Adventures in Shellcode Obfuscation! Part 2: Hail Caesar!

By Red Siege | June 24, 2024

by Mike Saunders, Principal Security Consultant

This blog is the second in a series of blogs on obfuscation techniques for hiding shellcode. You can find the rest of the series here. If you’d like to try these techniques out on your own, you can find the code we’ll be using on the Red Siege GitHub. Let’s look at an encryption method we can use to hide our shellcode.

 

Caesar Cipher

The Caesar cipher is one of the most simple and well-known encryption schemes, dating to the times of its namesake, Julius Caesar. The Caesar cipher is a substitution cipher, meaning a letter in the plaintext message is shifted by a certain number of characters. For example, you could shift each letter by three. As a result, A would become D, B would become E, and so on.

Caesar Cipher – Three Letter Shift
Cepheus, Public domain, via Wikimedia Commons

You’ve probably heard of ROT13, another popular example of a Caesar cipher. ROT13 shifts the alphabet by – you guessed it – 13 characters. We can do the same thing with shellcode. To encode our shellcode, we take our shellcode byte and add 13 (0x0d) to it. If the result is greater than 255, we subtract 255 from the result to allow us to wrap around to the beginning of our shellcode alphabet (0x00 to 0xff). Given a list of shellcode bytes, we can use the following Python code to encrypt our shellcode:
def caesar(sc_list):
    sc = []
    for x in sc_list:
        if (int(x) + 13) > 255:
            sc.append(hex(x + 13 - 256))
        else:
            sc.append(hex(x + 13))
    return sc
In our loader, we need to reverse that math.  We subtract 13 from our shellcode byte. If the result is less than 0, then we add 256. The following C code can be used to decrypt our shellcode. Note the code and comment on line 5. When I tested the compiled program with ThreatCheck, Defender was alerting on the decryption routine. Throwing this printf statement was enough to break the signature to prevent Defender from detecting it.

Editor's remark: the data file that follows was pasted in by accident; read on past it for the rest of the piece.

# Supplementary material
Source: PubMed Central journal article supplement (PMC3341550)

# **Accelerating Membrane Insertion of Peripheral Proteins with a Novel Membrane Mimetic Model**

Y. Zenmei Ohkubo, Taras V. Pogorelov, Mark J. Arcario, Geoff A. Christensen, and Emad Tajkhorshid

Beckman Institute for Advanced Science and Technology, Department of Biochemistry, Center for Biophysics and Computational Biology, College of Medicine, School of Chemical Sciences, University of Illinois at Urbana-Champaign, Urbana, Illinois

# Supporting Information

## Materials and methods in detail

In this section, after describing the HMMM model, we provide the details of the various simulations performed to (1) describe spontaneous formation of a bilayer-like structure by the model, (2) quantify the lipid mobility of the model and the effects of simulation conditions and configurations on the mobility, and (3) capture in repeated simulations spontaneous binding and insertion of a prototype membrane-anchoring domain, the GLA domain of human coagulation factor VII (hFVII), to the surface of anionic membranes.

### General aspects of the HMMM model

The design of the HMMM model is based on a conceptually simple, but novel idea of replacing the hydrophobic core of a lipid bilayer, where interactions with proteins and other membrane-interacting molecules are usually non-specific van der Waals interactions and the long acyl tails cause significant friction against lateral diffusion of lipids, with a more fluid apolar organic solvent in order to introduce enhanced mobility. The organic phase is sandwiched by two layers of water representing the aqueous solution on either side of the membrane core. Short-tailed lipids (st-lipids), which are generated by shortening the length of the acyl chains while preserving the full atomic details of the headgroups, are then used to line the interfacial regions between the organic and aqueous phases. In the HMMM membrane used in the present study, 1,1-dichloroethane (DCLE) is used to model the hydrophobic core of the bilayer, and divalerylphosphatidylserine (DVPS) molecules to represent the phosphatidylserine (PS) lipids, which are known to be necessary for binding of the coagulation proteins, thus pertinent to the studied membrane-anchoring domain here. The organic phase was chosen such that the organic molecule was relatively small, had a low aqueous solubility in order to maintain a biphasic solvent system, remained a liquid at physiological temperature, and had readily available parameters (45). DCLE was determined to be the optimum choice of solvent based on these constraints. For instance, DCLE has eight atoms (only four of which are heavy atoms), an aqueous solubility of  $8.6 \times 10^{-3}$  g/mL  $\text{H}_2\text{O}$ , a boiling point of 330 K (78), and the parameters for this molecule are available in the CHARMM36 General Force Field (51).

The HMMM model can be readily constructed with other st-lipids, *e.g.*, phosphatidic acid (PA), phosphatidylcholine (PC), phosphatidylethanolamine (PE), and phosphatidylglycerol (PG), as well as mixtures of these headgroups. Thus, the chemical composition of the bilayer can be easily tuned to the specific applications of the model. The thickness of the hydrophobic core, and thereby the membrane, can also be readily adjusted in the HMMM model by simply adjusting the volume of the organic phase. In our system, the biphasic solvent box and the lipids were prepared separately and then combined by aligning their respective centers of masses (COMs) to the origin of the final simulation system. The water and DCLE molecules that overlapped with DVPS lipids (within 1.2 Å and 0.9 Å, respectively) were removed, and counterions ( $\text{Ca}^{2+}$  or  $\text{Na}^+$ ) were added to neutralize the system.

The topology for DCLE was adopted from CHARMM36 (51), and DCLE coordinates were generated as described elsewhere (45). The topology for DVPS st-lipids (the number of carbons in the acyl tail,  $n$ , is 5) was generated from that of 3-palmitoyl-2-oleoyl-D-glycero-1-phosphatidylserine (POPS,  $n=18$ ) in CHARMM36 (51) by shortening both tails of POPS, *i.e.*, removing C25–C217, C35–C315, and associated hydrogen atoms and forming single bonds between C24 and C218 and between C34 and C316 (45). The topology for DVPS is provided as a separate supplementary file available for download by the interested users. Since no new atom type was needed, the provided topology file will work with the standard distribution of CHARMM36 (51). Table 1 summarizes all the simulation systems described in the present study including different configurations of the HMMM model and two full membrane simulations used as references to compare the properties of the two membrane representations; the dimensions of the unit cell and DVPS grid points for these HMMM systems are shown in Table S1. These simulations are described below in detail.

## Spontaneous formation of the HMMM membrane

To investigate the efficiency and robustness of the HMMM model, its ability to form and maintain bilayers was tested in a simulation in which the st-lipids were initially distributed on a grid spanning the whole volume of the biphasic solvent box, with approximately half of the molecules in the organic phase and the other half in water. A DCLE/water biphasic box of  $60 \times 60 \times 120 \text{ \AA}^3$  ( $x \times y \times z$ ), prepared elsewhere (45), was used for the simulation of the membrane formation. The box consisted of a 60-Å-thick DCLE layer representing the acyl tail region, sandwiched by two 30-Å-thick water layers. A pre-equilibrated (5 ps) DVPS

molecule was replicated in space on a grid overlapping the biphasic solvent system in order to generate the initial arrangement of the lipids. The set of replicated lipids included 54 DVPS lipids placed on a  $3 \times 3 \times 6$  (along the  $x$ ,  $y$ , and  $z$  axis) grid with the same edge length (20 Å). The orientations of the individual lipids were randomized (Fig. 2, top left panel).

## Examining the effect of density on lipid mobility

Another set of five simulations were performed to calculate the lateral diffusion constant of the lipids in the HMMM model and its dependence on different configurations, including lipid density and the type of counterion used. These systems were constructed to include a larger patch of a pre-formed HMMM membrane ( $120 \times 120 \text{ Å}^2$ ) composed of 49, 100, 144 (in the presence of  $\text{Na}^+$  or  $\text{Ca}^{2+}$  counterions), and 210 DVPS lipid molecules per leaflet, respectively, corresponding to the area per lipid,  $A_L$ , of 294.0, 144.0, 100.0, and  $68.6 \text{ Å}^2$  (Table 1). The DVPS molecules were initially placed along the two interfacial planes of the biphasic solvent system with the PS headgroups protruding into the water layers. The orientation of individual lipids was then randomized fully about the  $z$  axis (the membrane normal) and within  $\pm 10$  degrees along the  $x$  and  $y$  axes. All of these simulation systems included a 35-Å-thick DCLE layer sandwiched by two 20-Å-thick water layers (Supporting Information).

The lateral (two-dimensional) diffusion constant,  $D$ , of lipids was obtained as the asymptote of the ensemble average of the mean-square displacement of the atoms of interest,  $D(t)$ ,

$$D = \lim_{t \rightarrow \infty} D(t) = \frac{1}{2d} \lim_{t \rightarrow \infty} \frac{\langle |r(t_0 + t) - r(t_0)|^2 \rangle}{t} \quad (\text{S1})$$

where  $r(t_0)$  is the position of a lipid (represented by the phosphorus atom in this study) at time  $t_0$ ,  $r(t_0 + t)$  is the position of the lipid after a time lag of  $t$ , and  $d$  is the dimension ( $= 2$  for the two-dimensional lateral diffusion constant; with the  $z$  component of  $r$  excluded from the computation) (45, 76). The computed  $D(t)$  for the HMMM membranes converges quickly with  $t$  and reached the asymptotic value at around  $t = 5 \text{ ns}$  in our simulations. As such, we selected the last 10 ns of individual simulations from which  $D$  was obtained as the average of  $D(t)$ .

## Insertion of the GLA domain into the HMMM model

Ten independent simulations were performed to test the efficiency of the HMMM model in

for (int i = 0; i < sizeof(caesar); i++)
{
if ( (caesar[i] - 13) < 0 )
{
printf(""); // because defender
shellcode[i] = caesar[i] + 256 - 13;
}
else
{
shellcode[i] = caesar[i] - 13;
}
}
Given how well-known the Caesar cipher is, certainly all of the AVs out there must detect a program containing Metasploit Meterpreter shellcode, right? Sadly, that appears to not be the case. As you can see below, only 7 engines detected the test program as malicious.

Caesar Cipher Detection Rate

When I tested that, I thought “Surely, this can’t be true!” I generated raw Cobalt Strike beacon shellcode without any evasion capabilities added through the artifact, sleep, or mutator kits. After adding the Caesar ciphered Cobalt Strike shellcode to the test program, the detection rate actually went down to 6! Surprisingly, in 2024, nearly 2000 years after first being used by its namesake, a cipher that can be recognized and broken by children seems to be capable of stymying modern AV.

 

Try it Yourself

You can find the example code for this article as well as the other articles in this series at the Red Siege GitHub.

 

Stay Tuned

This blog is part of a larger series on obfuscation techniques. Stay tuned for our next installment!

 


About Principal Security Consultant Mike Saunders

Mike Saunders is Red Siege Information Security’s Principal Consultant. Mike has over 25 years of IT and security expertise, having worked in the ISP, banking, insurance, and agriculture businesses. Mike gained knowledge in a range of roles throughout his career, including system and network administration, development, and security architecture. Mike is a highly regarded and experienced international speaker with notable cybersecurity talks at conferences such as DerbyCon, Circle City Con, SANS Enterprise Summit, and NorthSec, in addition to having more than a decade of experience as a penetration tester. You can find Mike’s in-depth technical blogs and tool releases online and learn from his several offensive and defensive-focused SiegeCasts. He has been a member of the NCCCDC Red Team on several occasions and is the Lead Red Team Operator for Red Siege Information Security.

Certifications:
GCIH, GPEN, GWAPT, GMOB, CISSP, and OSCP

Connect on Twitter & LinkedIn

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